1. A research is described using different methods of experiment on two contrasted types of apical meristems with the object of measuring the permanent electrical field inside and outside the plant in the neighbourhood of the apical meristem under conditions of specified control.

  2. Most of the experiments were performed on 3-5-day-old maize seedling roots and turnip seedling hypocotyls. The conditions of measurement were such as to produce minimum stimulation of the plant. The general results were checked by experiments with other plants.

  3. The measured p.d. is a result of e.m.f.’s which are unchanged when supplying current of the order of 10−8 amp. through external conductors. Both turnip hypocotyls and sections of couch grass stems generate power of the order of 10−9 W. without polarizing (see text). In these experiments the equivalent resistance of the plant materials obeyed Ohm’s law.

  4. The average potential gradient along the surface of thirty-four turnip hypocotyls in the neighbourhood of the apical meristems was found to be 7·1 ±3·8 mV./mm. (over 6-8 mm.). The surface of the meristematic region is positive to that of older tissue. The corresponding average for twenty-five maize roots was 5·7 ± 2·4 mV./mm. (over 6—8 mm.).

  5. There are transverse e.m.f.’s between the outside and inside of the plants distributed radially from the stele to the root exodermis and hypocotyl epidermis. The inside is always negative with respect to the outside. The radial e.m.f. is larger in the meristematic region than elsewhere:

    In turnip hypocotyls, the radial e.m.f. at the meristematic region varies between 44 and 103 mV. ; 5−10 mm. from the apex it is 17−60 mV. In maize roots, the corresponding figures are 17−77 and 6−33 mV.

    There is a small but possibly not significant potential change along the axis in both the organs considered, possibly 1 mV./mm. Under the conditions of the experiment, the interior of the meristem was found to be negative with respect to the rest of the axis. Points 4 and 5 are summarized in Fig. 4A.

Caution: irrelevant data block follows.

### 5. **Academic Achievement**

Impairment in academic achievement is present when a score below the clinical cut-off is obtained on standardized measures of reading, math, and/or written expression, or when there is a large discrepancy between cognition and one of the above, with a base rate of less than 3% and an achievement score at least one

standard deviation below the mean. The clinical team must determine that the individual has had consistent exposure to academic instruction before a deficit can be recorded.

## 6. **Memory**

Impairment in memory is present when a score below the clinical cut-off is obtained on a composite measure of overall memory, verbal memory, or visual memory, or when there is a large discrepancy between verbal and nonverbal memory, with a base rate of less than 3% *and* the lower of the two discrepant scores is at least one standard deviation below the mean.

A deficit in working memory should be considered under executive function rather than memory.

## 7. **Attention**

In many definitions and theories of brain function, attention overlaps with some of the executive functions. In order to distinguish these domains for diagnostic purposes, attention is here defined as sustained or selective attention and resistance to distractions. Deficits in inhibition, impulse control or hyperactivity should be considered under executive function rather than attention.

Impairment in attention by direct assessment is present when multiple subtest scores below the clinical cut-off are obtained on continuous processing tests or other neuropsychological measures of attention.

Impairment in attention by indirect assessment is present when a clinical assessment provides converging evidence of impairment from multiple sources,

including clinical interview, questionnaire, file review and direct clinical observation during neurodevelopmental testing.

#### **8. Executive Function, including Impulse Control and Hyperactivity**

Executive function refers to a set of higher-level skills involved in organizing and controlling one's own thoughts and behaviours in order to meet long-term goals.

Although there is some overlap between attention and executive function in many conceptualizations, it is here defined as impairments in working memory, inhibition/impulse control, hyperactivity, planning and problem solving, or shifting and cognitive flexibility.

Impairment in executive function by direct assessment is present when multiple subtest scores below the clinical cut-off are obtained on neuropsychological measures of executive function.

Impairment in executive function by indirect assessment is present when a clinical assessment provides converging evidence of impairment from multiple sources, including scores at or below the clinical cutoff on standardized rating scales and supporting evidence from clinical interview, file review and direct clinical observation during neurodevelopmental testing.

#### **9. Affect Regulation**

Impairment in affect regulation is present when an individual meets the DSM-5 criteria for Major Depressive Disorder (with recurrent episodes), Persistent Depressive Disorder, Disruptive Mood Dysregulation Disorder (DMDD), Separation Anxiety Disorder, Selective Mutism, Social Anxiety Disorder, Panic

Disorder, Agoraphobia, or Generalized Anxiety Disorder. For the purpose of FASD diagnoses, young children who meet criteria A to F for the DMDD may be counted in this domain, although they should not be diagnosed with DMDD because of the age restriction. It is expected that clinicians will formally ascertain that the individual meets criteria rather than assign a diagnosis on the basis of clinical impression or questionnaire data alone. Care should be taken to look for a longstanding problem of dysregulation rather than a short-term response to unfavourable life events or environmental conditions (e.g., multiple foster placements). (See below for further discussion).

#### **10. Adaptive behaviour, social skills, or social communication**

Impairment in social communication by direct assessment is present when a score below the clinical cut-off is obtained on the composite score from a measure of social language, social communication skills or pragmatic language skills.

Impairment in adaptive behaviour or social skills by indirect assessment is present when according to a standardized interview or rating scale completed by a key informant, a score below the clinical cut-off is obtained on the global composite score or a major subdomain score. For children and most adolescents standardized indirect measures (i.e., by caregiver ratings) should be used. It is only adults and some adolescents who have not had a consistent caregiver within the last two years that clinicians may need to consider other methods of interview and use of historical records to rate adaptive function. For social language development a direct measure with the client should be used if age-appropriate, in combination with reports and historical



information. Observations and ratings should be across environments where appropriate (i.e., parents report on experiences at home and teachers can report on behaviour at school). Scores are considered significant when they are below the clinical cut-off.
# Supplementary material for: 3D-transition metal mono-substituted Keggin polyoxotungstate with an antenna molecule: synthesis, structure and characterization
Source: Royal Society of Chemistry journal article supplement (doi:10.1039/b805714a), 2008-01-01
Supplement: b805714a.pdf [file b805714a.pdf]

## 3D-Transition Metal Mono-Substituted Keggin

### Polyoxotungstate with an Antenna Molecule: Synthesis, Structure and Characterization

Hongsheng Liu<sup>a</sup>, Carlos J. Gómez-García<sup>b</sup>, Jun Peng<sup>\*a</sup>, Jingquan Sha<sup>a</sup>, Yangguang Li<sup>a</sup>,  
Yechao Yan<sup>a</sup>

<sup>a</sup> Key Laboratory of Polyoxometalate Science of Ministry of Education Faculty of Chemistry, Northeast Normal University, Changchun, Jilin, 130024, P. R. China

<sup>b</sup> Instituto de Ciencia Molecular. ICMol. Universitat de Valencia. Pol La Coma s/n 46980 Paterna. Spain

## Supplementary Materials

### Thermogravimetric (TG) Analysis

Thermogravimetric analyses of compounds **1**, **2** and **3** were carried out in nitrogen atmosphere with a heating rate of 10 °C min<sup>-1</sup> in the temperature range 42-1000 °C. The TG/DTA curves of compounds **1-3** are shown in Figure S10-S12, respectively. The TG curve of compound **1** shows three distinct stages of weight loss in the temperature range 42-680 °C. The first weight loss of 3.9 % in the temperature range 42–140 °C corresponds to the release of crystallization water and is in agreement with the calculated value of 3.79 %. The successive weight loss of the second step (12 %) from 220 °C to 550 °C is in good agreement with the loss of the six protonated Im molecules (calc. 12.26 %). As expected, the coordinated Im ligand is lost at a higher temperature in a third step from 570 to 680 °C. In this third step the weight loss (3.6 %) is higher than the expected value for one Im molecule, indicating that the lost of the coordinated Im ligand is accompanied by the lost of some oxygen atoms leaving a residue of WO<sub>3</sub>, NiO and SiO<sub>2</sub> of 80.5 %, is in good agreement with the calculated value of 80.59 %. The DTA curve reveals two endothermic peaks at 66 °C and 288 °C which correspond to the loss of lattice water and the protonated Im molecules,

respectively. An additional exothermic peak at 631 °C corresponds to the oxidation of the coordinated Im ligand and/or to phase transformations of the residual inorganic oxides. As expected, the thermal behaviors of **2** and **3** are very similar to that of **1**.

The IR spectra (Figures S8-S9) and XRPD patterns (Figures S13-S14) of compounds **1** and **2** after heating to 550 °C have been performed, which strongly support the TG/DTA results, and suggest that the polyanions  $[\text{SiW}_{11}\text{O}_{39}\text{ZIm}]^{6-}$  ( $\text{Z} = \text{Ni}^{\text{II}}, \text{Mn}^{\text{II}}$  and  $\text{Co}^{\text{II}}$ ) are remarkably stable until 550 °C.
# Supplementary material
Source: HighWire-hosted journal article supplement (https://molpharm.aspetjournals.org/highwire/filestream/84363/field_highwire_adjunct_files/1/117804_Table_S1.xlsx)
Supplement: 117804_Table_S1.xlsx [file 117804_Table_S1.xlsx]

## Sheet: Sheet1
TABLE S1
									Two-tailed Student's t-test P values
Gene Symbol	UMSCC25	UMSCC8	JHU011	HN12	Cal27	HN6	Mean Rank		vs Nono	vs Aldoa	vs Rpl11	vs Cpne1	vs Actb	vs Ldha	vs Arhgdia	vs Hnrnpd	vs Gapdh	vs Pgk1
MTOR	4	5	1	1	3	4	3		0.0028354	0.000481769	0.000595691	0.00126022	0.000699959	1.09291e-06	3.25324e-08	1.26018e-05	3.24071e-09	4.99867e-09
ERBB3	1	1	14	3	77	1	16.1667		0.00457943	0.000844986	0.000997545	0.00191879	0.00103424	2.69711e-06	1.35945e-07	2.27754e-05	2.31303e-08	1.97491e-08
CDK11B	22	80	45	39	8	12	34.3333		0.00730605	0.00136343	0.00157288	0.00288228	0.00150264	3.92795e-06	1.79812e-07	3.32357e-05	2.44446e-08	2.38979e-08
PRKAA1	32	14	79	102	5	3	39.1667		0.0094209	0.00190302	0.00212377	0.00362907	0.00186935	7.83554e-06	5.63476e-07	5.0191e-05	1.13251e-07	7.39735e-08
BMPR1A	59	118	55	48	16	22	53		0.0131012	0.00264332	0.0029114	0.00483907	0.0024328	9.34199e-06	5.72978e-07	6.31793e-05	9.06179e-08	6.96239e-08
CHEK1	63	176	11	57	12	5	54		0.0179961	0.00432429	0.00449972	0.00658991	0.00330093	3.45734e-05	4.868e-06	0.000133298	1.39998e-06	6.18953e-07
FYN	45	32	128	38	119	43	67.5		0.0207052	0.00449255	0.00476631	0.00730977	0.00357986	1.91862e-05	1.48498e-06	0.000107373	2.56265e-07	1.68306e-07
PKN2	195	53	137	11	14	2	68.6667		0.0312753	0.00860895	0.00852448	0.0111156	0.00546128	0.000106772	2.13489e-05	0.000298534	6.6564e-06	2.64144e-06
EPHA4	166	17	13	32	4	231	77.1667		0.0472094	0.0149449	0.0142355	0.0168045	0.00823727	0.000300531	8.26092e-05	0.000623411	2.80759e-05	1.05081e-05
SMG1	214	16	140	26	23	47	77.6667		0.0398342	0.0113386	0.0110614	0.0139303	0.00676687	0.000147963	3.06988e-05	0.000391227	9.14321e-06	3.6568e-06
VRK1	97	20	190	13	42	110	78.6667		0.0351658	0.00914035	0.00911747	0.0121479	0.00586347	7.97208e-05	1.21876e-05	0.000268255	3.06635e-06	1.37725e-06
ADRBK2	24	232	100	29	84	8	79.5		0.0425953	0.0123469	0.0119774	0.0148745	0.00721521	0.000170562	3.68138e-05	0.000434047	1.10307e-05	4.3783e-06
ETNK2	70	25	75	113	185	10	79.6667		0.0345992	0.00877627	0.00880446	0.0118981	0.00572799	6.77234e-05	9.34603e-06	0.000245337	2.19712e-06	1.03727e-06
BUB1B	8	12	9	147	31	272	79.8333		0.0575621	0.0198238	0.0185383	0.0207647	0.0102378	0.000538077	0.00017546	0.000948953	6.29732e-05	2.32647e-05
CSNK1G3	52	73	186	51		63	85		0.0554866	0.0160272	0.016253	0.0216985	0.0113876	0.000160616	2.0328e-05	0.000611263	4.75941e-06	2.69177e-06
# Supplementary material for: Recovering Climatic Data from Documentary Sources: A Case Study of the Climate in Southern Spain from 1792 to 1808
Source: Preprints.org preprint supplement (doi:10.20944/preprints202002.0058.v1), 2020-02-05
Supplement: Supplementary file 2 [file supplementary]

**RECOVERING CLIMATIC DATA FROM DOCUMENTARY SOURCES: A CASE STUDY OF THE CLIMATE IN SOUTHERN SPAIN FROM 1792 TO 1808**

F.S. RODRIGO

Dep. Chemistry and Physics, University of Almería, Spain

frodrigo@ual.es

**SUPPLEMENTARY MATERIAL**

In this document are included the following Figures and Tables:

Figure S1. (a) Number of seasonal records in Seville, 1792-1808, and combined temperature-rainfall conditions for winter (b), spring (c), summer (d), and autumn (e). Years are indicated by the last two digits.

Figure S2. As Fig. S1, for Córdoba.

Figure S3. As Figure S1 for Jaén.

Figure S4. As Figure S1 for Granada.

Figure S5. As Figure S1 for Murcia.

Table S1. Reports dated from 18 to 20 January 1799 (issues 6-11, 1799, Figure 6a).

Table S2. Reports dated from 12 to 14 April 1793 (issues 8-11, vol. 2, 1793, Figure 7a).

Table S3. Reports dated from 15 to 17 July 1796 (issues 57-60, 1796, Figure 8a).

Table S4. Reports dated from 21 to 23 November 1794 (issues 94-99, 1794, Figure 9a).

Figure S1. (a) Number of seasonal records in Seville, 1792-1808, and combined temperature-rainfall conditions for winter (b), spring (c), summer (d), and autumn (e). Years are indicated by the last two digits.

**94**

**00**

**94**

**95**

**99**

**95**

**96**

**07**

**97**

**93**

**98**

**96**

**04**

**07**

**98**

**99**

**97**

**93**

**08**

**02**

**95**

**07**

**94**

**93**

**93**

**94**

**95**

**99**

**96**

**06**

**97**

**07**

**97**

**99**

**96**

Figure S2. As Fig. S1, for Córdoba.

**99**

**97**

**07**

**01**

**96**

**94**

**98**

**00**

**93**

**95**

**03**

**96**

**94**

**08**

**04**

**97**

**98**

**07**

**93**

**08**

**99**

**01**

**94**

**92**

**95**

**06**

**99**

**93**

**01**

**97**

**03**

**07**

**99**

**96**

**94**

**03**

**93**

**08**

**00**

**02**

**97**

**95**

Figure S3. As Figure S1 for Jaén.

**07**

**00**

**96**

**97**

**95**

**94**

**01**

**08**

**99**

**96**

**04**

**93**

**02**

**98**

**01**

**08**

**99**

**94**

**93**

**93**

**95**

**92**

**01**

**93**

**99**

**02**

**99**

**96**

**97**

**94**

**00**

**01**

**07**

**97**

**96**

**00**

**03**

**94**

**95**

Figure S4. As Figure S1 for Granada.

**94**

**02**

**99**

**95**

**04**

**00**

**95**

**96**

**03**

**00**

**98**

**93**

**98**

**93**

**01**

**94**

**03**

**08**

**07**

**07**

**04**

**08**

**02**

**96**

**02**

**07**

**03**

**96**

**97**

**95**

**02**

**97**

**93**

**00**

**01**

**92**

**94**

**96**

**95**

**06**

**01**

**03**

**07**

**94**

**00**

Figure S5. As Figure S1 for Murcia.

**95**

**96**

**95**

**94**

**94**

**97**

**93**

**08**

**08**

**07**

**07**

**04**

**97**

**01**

6. The theory that the interior of a mass of meristematic tissue is electrically negative to older tissue is discussed in the fight of the experimental evidence and with regard to the limitations of the technique used.

The experiments to be described form part of the early stages of a research whose general object is to investigate the organization of plant material as it develops from a meristematic mass to differentiated tissue. Two major classes of control can be recognized in the organization of any living material, one, characteristic of and located in the cells of the developing organs and the other characteristic of the surroundings of the changing cells. This second controlling factor has been named the biological field, and much is known of its properties in the case of animal embryology.

It is a striking fact that wherever a biological field can be recognized and the electrical condition of the region tested, an electrical field is found to be present. An investigation of the behaviour of the electrical field while organization of plant tissues is in progress appears therefore to offer a promising lead to knowledge of the biological field.

Early experiments made in this laboratory and a study of the literature showed a surprisingly erratic behaviour of the electric potentials measured in plant tissues. For this reason attention was given to the question of explaining this and finding a satisfactorily reproducible background for the description of the normal electrical condition of a growing plant.

An examination of the literature reveals that most investigators are in agreement in finding the regions adjacent to apical meristems electrically positive to older parts of the organs, on the surface of the plants. Such a polarity has been found by Thomas (1939), using bean (Vicia Faba) roots, Ramshorn (1934), using sunflower hypocotyls and asparagus shoots, and Lund (1947), working with onion roots. However, some of the results of Clark (1937) are contrary to these findings. He states that the apices of Pisum, Vicia and Impatiens seedlings are negative to their bases. As the plants mentioned have apical meristems, it is seen that Clark’s findings are contrary to those of the aforementioned authors, though his results on the external polarity of Avena and Zea coleoptiles agree with those of Lund. The results of Lundegardh (1940) are on the whole not inconsistent with the results of the first three authors, if attention is limited to the first 8-10 mm. from the apex.

The following experiments were carried out to determine the distribution of e.m.f.’s both inside and outside the plant tissue in the neighbourhood of the apical meristems in turnip {Brassica Rapa) seedling hypocotyls and in maize (Zea Mays) seedling roots. The main results have been checked by experiments with other plants.

Particular attention was paid in this work to obtain unambiguous experimental results under conditions of specified control so that a sound background might be developed for further work.